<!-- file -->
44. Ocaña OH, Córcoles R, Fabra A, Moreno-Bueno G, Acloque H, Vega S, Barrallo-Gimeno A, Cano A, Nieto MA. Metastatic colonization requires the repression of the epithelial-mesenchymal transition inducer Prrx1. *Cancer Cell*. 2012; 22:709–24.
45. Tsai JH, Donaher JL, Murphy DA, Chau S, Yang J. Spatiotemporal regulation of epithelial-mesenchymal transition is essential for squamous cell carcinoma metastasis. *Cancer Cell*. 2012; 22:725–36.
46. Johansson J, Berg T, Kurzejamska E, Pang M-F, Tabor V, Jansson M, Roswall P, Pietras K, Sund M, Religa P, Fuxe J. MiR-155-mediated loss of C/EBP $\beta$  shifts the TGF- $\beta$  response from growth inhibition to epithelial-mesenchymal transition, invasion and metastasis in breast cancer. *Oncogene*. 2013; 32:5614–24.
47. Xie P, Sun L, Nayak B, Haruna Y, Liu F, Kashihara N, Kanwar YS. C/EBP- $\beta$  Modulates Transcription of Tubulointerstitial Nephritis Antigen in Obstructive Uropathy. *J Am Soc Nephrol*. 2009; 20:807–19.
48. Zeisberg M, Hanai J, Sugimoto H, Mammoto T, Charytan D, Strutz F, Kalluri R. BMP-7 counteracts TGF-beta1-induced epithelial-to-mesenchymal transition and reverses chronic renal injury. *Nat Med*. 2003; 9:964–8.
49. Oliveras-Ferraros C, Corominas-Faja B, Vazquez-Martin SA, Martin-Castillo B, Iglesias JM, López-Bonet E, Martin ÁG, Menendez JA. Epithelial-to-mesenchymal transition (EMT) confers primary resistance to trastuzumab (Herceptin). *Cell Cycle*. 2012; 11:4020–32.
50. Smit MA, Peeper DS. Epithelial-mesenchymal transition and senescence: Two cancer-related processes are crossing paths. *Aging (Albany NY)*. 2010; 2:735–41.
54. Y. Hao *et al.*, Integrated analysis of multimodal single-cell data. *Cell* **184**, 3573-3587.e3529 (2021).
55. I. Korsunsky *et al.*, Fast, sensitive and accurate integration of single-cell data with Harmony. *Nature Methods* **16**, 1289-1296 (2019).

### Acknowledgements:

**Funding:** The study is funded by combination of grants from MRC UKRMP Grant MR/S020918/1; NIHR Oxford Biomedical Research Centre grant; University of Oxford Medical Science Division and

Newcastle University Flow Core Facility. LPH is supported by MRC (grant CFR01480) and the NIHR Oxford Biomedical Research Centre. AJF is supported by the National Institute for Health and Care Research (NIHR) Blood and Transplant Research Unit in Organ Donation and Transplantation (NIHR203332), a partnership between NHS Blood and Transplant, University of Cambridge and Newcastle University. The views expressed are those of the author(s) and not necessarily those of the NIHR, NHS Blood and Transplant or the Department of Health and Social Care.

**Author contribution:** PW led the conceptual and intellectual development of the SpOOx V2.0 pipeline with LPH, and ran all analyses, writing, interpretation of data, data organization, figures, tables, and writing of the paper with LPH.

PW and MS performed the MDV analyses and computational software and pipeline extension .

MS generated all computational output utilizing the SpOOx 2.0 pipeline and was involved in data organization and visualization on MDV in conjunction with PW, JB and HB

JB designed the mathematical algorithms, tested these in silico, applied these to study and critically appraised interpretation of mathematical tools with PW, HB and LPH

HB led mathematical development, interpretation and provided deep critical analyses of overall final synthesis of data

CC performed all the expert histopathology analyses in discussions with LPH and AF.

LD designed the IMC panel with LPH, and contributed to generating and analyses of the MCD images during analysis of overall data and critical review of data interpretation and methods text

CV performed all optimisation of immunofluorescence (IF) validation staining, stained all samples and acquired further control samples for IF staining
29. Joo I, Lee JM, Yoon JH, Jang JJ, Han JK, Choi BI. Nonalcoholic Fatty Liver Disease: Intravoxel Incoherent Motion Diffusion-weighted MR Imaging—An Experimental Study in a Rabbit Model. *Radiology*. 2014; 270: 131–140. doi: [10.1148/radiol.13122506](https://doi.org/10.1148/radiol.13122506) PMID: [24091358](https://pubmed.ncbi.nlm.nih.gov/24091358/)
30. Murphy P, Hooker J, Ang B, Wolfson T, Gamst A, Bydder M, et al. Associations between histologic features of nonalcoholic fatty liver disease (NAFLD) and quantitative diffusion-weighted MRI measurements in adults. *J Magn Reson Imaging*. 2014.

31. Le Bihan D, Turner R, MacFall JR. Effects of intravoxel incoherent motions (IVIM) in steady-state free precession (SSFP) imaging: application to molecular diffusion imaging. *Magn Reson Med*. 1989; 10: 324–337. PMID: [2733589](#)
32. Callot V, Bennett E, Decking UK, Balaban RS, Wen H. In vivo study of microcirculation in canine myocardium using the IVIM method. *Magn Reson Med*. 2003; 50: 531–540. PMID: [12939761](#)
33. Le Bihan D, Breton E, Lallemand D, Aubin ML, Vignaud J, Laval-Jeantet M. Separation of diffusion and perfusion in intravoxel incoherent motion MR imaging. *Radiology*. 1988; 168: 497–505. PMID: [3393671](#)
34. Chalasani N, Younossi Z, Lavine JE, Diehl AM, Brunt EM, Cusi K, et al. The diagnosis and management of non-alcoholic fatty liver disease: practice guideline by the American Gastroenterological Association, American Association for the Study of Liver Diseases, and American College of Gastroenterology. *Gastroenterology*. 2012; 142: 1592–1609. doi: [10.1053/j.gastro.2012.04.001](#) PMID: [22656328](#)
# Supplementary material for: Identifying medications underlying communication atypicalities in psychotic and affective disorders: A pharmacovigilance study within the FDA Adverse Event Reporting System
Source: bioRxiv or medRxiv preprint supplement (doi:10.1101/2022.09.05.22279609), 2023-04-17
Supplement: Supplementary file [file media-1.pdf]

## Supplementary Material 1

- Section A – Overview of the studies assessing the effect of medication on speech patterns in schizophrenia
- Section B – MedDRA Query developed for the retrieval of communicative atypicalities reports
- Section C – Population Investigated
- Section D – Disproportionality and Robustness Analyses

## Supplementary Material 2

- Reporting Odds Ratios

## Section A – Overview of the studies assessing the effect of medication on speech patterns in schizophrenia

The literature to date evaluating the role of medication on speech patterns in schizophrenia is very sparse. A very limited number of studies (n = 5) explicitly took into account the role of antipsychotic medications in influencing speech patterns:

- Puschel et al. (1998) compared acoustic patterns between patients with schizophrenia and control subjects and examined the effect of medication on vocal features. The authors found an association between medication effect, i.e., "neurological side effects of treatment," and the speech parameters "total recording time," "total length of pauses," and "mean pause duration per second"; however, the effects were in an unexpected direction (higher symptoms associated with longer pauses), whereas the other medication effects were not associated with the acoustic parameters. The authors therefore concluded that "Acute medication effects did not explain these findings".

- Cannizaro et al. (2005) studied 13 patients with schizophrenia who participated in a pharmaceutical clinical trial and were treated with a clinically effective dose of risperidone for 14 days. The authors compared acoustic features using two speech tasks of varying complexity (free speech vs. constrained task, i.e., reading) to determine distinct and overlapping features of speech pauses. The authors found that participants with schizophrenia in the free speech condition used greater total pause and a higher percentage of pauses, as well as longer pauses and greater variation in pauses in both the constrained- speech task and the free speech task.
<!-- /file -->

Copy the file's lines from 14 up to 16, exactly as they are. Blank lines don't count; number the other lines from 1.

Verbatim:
PW and MS performed the MDV analyses and computational software and pipeline extension .

MS generated all computational output utilizing the SpOOx 2.0 pipeline and was involved in data organization and visualization on MDV in conjunction with PW, JB and HB

JB designed the mathematical algorithms, tested these in silico, applied these to study and critically appraised interpretation of mathematical tools with PW, HB and LPH